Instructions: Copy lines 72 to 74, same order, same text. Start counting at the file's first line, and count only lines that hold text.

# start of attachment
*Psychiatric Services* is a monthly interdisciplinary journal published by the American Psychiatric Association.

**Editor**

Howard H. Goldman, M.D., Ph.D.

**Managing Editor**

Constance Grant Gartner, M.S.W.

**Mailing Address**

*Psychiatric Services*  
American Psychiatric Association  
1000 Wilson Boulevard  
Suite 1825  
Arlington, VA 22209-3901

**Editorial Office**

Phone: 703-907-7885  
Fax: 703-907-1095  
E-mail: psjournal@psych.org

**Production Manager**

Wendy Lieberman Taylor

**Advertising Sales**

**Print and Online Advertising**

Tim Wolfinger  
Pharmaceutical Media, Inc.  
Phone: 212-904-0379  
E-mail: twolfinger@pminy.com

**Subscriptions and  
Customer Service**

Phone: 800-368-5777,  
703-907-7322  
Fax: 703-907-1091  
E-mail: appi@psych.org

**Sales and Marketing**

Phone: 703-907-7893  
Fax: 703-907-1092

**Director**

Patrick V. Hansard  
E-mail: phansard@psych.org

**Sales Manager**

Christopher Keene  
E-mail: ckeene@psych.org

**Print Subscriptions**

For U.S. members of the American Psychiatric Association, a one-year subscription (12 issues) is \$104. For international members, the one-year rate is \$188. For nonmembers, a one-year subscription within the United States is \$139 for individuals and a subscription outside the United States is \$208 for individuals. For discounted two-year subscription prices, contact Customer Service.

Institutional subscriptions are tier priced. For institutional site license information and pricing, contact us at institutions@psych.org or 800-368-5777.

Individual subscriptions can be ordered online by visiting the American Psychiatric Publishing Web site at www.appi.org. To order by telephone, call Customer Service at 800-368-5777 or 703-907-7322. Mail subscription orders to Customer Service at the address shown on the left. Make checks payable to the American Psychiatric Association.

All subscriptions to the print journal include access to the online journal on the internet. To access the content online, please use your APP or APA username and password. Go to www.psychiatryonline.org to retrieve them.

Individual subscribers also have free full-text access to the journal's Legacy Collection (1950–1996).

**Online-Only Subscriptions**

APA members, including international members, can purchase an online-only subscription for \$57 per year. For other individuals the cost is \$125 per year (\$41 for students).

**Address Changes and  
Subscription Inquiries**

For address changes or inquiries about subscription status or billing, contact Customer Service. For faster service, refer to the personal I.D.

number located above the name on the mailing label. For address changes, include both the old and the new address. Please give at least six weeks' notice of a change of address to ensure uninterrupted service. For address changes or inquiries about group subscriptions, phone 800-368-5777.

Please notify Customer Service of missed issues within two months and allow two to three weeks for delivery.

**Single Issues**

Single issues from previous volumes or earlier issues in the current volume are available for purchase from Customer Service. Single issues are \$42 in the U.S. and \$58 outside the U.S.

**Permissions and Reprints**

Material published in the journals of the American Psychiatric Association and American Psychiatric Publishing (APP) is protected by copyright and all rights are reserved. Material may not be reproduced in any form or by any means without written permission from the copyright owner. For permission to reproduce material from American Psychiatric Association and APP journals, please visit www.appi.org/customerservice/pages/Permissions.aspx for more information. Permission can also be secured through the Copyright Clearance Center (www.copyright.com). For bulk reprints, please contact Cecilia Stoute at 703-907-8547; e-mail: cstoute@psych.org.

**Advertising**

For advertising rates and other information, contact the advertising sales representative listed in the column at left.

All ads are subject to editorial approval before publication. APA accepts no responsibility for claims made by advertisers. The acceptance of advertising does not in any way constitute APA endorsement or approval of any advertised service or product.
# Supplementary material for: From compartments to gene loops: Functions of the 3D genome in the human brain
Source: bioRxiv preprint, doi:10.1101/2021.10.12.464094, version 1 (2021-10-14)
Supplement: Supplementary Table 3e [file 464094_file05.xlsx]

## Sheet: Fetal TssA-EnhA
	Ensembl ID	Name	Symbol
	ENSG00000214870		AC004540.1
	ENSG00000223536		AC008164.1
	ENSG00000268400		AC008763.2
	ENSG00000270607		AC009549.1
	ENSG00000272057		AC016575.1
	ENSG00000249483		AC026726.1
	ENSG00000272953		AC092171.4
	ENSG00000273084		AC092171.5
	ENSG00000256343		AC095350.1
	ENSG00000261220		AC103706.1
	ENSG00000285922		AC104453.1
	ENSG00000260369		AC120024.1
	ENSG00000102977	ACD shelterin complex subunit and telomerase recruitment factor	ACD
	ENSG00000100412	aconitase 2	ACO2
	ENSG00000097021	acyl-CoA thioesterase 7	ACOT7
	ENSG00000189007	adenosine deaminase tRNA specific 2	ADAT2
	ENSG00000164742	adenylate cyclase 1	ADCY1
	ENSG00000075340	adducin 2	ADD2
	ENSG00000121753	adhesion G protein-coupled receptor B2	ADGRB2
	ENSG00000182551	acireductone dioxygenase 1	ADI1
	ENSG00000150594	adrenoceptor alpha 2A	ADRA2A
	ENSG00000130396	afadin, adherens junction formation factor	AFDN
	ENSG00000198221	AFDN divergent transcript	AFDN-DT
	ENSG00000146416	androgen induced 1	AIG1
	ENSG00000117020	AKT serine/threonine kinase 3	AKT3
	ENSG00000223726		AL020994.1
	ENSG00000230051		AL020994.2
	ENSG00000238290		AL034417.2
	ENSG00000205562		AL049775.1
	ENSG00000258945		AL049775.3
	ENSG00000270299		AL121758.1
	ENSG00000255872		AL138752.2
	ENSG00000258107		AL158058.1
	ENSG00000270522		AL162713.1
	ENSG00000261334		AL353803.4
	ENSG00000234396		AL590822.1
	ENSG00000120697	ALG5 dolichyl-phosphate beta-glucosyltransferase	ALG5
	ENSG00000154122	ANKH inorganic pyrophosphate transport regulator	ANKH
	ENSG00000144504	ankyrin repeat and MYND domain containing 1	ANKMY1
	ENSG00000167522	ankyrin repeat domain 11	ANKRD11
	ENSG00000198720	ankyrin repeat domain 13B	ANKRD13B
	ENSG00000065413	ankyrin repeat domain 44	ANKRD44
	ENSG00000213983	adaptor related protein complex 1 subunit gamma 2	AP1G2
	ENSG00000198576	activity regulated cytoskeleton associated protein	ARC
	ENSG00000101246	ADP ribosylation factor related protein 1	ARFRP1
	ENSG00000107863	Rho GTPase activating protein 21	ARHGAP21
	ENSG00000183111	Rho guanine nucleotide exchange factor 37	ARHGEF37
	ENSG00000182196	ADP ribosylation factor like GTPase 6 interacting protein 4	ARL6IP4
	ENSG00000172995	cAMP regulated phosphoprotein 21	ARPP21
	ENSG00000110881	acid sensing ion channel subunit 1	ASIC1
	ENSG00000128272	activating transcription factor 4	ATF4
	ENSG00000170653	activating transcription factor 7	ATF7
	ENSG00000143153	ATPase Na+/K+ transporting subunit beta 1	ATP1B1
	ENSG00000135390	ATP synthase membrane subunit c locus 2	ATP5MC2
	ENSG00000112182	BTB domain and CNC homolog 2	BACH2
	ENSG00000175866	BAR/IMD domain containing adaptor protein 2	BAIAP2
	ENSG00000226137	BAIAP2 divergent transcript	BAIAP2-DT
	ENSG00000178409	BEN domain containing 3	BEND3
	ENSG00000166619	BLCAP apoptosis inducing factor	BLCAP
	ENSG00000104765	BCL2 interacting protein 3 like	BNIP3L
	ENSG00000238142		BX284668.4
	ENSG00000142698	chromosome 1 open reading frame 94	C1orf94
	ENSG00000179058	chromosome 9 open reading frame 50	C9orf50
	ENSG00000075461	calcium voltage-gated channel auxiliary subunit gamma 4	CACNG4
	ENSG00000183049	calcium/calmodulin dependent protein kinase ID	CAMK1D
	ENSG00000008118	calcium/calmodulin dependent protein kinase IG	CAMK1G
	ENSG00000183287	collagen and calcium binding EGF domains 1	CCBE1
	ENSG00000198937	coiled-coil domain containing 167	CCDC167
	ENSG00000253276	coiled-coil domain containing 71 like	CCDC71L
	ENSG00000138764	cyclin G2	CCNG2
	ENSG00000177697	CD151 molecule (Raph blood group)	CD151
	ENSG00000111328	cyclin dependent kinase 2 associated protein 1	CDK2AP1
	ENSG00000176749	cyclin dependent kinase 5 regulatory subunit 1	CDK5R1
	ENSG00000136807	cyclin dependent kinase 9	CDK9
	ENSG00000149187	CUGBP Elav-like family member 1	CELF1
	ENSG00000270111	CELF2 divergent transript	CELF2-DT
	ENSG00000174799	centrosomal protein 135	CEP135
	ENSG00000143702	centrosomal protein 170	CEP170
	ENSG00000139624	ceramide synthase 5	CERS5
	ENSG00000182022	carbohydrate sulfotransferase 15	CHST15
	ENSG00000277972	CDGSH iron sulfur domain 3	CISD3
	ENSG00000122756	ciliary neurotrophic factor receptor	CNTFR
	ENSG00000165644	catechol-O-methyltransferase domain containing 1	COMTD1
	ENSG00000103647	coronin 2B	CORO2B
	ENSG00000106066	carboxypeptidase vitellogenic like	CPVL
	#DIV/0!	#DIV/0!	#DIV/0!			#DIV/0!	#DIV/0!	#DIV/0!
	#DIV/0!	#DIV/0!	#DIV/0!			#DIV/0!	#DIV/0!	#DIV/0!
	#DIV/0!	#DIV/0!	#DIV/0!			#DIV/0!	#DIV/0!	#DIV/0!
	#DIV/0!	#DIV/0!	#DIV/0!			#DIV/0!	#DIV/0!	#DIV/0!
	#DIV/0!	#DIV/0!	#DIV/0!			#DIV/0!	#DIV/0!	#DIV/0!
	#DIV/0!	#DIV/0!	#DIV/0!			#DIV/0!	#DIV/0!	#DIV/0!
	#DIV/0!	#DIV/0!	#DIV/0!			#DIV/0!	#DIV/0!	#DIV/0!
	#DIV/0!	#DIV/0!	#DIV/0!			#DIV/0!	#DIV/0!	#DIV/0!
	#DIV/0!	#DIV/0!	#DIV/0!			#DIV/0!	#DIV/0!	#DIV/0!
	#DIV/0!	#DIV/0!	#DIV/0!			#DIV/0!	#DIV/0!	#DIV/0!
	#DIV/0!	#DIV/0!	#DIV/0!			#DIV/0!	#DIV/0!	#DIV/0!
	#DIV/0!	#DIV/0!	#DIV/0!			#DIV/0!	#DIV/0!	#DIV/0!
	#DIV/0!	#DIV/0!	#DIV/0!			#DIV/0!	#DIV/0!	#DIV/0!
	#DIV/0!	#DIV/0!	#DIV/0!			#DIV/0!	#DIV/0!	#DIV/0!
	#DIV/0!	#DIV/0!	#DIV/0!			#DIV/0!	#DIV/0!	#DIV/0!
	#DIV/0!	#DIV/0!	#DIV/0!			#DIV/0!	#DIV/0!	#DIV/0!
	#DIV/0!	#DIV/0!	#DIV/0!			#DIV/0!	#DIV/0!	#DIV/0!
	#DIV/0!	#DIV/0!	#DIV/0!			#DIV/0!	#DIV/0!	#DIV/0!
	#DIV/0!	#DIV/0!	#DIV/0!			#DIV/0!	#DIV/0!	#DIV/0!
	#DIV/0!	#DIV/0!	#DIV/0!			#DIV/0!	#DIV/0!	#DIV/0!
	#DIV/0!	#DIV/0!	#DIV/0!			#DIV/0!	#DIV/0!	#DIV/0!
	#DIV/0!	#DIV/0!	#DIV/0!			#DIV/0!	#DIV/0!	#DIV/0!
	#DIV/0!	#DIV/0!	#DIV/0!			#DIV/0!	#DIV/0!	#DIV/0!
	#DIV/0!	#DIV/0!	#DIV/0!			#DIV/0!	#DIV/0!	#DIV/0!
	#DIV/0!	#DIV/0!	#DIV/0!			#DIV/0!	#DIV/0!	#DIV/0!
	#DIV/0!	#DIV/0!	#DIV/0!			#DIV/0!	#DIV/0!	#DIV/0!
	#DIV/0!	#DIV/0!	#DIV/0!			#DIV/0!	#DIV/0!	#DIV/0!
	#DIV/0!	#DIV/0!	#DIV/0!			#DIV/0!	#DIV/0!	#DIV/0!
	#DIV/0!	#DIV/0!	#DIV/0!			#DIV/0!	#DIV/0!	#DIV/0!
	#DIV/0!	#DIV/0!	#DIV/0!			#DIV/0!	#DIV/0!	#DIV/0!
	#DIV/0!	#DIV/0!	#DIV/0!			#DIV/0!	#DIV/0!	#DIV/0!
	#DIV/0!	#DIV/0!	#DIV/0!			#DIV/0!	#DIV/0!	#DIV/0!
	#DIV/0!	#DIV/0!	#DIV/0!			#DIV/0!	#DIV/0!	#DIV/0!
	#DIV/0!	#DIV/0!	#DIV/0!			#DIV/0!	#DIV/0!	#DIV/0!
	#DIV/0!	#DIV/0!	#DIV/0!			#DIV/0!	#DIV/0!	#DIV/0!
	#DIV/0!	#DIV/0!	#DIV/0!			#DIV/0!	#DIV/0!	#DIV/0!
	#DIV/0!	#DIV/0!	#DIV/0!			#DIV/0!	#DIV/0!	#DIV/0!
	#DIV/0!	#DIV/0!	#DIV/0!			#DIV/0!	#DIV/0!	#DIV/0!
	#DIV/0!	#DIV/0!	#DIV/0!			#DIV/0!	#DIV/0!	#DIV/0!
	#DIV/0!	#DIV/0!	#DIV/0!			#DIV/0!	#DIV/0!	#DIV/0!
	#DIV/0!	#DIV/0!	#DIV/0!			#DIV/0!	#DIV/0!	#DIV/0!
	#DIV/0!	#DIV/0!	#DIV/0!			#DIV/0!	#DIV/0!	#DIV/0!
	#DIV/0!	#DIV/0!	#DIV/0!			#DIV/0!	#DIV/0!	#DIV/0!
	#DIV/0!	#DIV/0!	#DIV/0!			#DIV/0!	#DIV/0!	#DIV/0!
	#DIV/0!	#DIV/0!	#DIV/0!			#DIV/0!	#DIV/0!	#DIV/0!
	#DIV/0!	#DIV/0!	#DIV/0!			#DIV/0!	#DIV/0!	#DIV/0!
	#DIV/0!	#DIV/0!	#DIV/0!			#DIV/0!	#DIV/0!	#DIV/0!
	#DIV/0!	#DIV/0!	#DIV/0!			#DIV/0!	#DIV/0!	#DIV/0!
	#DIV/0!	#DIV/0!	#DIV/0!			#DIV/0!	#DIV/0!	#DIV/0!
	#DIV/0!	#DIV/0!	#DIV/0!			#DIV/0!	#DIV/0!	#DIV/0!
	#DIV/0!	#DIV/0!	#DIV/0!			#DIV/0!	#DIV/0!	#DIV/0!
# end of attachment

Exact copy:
	ENSG00000256343		AC095350.1
	ENSG00000261220		AC103706.1
	ENSG00000285922		AC104453.1